A shortening tendency in the formation of the Synoptic Jesus tradition

1 September 2020

A shortening tendency in the formation of the Synoptic Jesus tradition

On 2 September, German pastor Torben Plitt will defend his PhD dissertation on the shortening tendency in the Synoptic tradition. His defense marks the first time ETF Leuven hosts an online promotion.

Plitt’s research addresses the question of why certain narratives of the Synoptic Gospels show additional information compared to their parallels. For example: Both Matthew and Mark tell the story about the beheading of John the Baptist on Herod’s birthday. But only in Mark’s version do we read that “high officials and military commanders and the leading men of Galilee” were invited.

Within the scope of an interdisciplinary approach, this analysis uses findings of experimental memory psychology to show that, generally speaking, narratives in reproductions from memory do not increase in length, but become shorter due to omitted text information. Furthermore, insights from memory psychology research show that in reproduction of a narrative learned by heart most likely secondary information on place, time, concerning persons or objects tends to be omitted as well as information on an event or happening in the form of adverbial determination, redundancies, narrator’s comments and statements about possible events or happenings.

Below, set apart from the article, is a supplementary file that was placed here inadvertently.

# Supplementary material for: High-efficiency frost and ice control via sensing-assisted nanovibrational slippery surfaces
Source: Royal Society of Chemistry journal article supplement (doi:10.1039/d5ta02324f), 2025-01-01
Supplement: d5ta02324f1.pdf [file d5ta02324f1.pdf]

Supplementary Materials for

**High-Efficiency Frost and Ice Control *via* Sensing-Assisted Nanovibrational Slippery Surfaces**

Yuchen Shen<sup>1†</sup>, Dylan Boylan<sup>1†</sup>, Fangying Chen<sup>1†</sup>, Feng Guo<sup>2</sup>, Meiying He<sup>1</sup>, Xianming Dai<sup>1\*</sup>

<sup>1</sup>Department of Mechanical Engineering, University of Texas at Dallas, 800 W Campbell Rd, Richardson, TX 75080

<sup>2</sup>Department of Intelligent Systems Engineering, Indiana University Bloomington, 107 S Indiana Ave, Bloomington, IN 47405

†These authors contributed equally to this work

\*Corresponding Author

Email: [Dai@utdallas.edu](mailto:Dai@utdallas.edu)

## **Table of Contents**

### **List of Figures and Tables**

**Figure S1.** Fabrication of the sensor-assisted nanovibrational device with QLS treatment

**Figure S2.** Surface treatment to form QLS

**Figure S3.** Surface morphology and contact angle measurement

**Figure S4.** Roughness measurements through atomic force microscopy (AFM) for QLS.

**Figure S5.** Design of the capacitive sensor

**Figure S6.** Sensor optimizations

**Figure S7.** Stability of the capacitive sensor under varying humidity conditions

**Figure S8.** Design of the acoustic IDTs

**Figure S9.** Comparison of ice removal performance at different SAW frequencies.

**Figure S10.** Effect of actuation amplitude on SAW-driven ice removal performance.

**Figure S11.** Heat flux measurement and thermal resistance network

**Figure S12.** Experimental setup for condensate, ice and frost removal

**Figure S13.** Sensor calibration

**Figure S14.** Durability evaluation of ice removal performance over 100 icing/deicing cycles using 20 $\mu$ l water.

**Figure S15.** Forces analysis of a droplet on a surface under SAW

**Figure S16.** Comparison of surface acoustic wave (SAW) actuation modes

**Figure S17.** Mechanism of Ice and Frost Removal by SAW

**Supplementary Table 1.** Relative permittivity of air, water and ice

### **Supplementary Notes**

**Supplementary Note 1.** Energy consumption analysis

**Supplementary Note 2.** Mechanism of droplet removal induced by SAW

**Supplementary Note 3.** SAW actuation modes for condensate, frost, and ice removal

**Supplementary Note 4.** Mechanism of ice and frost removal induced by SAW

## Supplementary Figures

This study found that 90% of all additional information in parallel Synoptic narratives can be explained from a memory-psychological perspective by abridgement in the tradition. From a memory psychological point of view, the Synoptic parallel traditions likely reflect shortening tendencies rather than – as others in the history of research have argued – a tendency toward expansion. Based on its results, some general conclusions can also be drawn concerning the Synoptic problem, for example, that Mark most commonly provides the older tradition over against Matthew and Luke in these narratives.

Torben Plitt serves as pastor of a Protestant free church in Bad Endbach, Germany. He has taught courses on the exegesis of the New Testament at the Evangelische Hochschule Tabor in Marburg and at the Freie Theologische Hochschule in Gießen. He is married and has three children.

The defense will take place online on Wednesday, 2 September, starting at 14:30 hours.

Plitt, Torben. “Wachstumsgesetz oder Kürzungstendenz? Gedächtnispsychologische Erkenntnisse zu den inhaltlichen Überhängen in den synoptischen Paralleltraditionen” (PhD dissertation, Evangelische Theologische Faculteit, Leuven, 2020).

Promoter: Prof. Dr. Armin Baum (ETF Leuven)

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